Bonnie & Clyde - notorious outlaw couple's crime spree comes to a bloody end in a police ambush
Bonnie Parker met the charismatic Clyde Barrow in Texas when she was 19 years old and her husband (she married when she was 16) was serving time in jail for murder. Shortly after they met, Barrow was imprisoned for robbery. Parker visited him every day, and smuggled a gun into prison to help him escape, but he was soon caught in Ohio and sent back to jail. When Barrow was paroled in 1932, he immediately hooked up with Parker, and the couple began a life of crime together.
After they stole a car and committed several robberies, Parker was caught by police and sent to jail for two months. Released in mid-1932, she rejoined Barrow. Over the next two years, the couple teamed with various accomplices to rob a string of banks and stores across five states–Texas, Oklahoma, Missouri, New Mexico and Louisiana. To law enforcement agents, the Barrow Gang–including Barrow’s childhood friend, Raymond Hamilton, W.D. Jones, Henry Methvin, Barrow’s brother Buck and his wife Blanche, among others–were cold-blooded criminals who didn’t hesitate to kill anyone who got in their way, especially police or sheriff’s deputies. Among the public, however, Parker and Barrow’s reputation as dangerous outlaws was mixed with a romantic view of the couple as “Robin Hood”-like folk heroes.
Their fame was increased by the fact that Bonnie was a woman–an unlikely criminal–and by the fact that the couple posed for playful photographs together, which were later found by police and released to the media. Police almost captured the famous duo twice in the spring of 1933, with surprise raids on their hideouts in Joplin and Platte City, Missouri. Buck Barrow was killed in the second raid, and Blanche was arrested, but Bonnie and Clyde escaped once again. In January 1934, they attacked the Eastham Prison Farm in Texas to help Hamilton break out of jail, shooting several guards with machine guns and killing one.
Texan prison officials hired a retired Texas Ranger, Captain Frank Hamer, as a special investigator to track down Parker and Barrow. After a three-month search, Hamer traced the couple to Louisiana, where Henry Methvin’s family lived. Before dawn on May 23, Hamer and a group of Louisiana and Texas lawmen hid in the bushes along a country road outside Sailes. When Parker and Barrow appeared, the officers opened fire, killing the couple in a hail of bullets.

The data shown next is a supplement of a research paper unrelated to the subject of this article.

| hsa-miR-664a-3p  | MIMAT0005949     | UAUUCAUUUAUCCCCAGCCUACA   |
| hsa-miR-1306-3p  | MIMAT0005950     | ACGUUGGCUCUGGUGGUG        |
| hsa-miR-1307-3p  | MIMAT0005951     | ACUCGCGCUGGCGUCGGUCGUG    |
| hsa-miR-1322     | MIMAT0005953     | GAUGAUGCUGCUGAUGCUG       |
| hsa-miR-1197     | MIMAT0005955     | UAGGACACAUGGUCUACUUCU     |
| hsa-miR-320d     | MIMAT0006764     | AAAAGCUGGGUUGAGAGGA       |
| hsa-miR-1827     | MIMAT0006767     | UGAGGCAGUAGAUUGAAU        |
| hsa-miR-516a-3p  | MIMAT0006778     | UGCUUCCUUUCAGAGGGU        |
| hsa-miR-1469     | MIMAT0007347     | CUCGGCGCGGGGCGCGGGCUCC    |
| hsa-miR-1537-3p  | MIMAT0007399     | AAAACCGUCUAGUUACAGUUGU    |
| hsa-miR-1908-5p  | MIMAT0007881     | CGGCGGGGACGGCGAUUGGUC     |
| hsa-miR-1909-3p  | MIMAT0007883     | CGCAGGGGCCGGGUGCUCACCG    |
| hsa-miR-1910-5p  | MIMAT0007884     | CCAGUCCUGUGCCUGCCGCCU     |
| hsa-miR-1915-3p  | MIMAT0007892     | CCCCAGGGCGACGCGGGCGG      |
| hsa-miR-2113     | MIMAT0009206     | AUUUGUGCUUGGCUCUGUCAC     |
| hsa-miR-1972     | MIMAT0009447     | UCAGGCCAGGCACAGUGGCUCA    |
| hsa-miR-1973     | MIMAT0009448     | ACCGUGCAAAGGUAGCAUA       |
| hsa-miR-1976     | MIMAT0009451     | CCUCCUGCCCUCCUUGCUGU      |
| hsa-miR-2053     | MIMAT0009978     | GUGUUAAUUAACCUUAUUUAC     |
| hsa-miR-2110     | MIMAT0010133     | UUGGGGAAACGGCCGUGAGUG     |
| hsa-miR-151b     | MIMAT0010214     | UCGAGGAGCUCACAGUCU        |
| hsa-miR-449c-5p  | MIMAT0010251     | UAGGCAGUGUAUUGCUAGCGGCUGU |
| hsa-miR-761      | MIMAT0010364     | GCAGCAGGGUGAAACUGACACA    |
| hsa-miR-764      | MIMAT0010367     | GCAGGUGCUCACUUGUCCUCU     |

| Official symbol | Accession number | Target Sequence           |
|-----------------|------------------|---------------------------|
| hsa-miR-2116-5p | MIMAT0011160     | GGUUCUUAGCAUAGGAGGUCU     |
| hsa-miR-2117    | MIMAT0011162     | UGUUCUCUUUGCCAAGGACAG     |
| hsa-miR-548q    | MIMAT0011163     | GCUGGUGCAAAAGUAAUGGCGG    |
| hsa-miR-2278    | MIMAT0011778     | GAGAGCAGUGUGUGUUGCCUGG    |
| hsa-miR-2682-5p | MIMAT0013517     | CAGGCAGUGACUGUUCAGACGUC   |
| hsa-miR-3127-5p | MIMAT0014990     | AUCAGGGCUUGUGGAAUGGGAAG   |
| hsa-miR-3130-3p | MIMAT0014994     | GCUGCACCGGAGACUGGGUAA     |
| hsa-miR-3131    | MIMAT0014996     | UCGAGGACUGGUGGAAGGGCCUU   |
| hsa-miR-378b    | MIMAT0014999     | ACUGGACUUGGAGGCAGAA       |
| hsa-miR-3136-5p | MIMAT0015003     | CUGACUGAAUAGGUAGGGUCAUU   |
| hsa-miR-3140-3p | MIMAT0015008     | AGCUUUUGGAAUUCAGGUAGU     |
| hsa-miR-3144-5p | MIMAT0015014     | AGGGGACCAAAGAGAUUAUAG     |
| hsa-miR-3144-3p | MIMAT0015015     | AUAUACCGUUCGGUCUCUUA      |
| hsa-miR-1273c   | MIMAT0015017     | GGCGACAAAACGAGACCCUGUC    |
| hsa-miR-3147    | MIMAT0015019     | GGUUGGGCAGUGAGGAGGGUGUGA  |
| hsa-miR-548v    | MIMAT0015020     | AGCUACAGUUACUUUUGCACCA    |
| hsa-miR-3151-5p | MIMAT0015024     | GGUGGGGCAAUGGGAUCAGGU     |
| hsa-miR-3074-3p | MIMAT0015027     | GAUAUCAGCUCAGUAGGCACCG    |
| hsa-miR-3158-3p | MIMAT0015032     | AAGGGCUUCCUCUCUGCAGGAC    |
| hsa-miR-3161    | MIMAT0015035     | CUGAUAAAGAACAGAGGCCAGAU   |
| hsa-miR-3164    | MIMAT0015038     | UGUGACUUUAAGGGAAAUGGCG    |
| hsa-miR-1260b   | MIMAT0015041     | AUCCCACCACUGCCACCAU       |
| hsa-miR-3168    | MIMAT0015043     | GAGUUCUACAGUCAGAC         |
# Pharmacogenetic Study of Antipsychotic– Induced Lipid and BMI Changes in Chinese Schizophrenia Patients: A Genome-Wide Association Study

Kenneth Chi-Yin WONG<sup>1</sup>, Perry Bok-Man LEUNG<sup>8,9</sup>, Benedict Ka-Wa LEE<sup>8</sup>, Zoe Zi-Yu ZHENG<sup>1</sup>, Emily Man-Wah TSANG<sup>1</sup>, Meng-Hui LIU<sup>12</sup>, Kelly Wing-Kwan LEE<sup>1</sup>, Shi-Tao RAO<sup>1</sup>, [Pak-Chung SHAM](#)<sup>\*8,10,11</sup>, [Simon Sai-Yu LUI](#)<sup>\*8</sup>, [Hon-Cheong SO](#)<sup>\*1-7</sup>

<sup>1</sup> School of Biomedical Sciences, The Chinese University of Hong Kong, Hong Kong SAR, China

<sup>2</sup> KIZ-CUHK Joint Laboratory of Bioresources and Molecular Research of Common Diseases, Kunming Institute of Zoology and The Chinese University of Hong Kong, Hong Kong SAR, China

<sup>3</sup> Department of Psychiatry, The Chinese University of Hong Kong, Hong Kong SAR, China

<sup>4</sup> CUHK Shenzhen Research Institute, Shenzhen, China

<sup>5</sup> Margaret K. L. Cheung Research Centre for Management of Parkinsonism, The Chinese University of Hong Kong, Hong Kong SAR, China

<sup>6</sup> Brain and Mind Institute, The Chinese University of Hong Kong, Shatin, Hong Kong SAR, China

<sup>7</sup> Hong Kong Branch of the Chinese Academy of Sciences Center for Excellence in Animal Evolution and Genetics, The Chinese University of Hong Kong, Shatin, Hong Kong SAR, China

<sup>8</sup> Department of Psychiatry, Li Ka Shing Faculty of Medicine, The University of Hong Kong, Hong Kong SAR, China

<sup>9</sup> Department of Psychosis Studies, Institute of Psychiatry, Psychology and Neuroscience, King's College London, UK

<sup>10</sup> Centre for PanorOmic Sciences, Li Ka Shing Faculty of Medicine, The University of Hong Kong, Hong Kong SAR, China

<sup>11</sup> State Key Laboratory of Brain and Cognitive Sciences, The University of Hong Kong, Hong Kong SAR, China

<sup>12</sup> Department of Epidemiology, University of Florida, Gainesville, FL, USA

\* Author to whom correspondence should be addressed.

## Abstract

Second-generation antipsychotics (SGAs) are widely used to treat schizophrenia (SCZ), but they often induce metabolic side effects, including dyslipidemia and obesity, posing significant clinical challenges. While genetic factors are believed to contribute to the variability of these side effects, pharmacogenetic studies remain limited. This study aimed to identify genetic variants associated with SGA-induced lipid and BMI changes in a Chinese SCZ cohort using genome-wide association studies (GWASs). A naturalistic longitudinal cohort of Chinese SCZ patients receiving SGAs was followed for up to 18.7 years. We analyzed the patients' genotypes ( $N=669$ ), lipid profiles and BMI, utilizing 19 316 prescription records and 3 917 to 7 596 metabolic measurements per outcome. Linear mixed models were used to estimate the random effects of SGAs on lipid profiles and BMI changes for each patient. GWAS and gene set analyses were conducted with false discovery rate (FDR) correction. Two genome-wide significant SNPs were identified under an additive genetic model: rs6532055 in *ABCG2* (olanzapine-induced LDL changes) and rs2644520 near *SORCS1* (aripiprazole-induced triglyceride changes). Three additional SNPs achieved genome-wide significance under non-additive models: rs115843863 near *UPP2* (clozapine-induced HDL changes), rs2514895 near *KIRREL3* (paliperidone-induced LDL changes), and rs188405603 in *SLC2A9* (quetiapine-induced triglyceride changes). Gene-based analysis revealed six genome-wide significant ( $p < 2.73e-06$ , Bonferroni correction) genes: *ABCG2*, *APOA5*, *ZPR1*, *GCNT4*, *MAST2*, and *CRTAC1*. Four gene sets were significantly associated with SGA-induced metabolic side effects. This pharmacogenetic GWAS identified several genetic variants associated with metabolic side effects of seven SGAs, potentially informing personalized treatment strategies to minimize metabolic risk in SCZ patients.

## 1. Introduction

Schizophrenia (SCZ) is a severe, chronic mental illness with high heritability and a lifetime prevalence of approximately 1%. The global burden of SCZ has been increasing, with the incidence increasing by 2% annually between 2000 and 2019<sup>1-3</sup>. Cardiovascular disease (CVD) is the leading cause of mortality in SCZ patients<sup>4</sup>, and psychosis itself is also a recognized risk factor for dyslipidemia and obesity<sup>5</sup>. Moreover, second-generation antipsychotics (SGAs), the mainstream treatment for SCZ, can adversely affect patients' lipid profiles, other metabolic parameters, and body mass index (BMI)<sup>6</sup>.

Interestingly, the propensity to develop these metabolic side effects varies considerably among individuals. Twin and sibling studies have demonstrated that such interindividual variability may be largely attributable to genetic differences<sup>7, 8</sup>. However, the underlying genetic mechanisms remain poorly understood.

All told, the Barrow Gang was believed responsible for the deaths of 13 people, including nine police officers. Parker and Barrow are still seen by many as romantic figures, however, especially after the success of the 1967 film Bonnie and Clyde, starring Faye Dunaway and Warren Beatty.
Long March - during China's civil war, Mao Zedong leads a retreat of communist forces through Nationalist lines, although over the course of the grueling journey only a fraction make it to safety
Civil war in China between the Nationalists and the Communists broke out in 1927. In 1931, Communist leader Mao Zedong was elected chairman of the newly established Soviet Republic of China, based in Jiangxi province in the southeast. Between 1930 and 1934, the Nationalists under Chiang Kai-shek launched a series of five encirclement campaigns against the Chinese Soviet Republic. Under the leadership of Mao, the Communists employed guerrilla tactics to successfully resist the first four campaigns, but in the fifth, Chiang raised a huge force and built fortifications around the Communist positions. Mao was removed as chairman, and the new Communist leadership employed more conventional warfare tactics, and its Red army was decimated.
With defeat imminent, the Communists decided to break out of the encirclement at its weakest points, and the Long March began on October 16, 1934. Secrecy and other tactics confused the Nationalists, and it was several weeks before they realized that the main body of the Red army had fled. The retreating force initially consisted of more than 85,000 troops, by some estimates, and thousands of accompanying personnel. Weapons and supplies were borne on men’s backs or in horse-drawn carts, and the line of marchers stretched for miles. The Communists generally marched at night, and when the enemy was not near, a long column of torches could be seen snaking over valleys and hills into the distance.
Mao began to regain his influence, and in January, during a meeting of party leaders in the captured city of Zunyi, he re-emerged as a top military and political leader. He then changed strategy, breaking his force into several columns that would take varying paths to confuse the enemy. And the destination would now be Shaanxi province, in the northwestern region of the country, where the Communists hoped to fight the Japanese invaders and earn the respect of China’s masses.
After enduring starvation, aerial bombardment and almost daily skirmishes with Nationalist forces, Mao halted his columns in northern Shaanxi on October 20, 1935, where they met other Red army troops. The Long March was over. By some estimates, 8,000 or fewer marchers completed the journey, which covered more than 4,000 miles and crossed 24 rivers and 18 mountain ranges.
The Long March marked the emergence of Mao Zedong as the undisputed leader of the Chinese Communists. Learning of the Communists’ heroism and determination in the Long March, thousands of young Chinese traveled to Shaanxi to enlist in Mao’s Red army. After fighting the Japanese for a decade, the Chinese Civil War resumed soon after the end of World War II. In 1949, the Nationalists were defeated, and Mao proclaimed the People’s Republic of China. He served as head of the Communist Party of China until his death in 1976.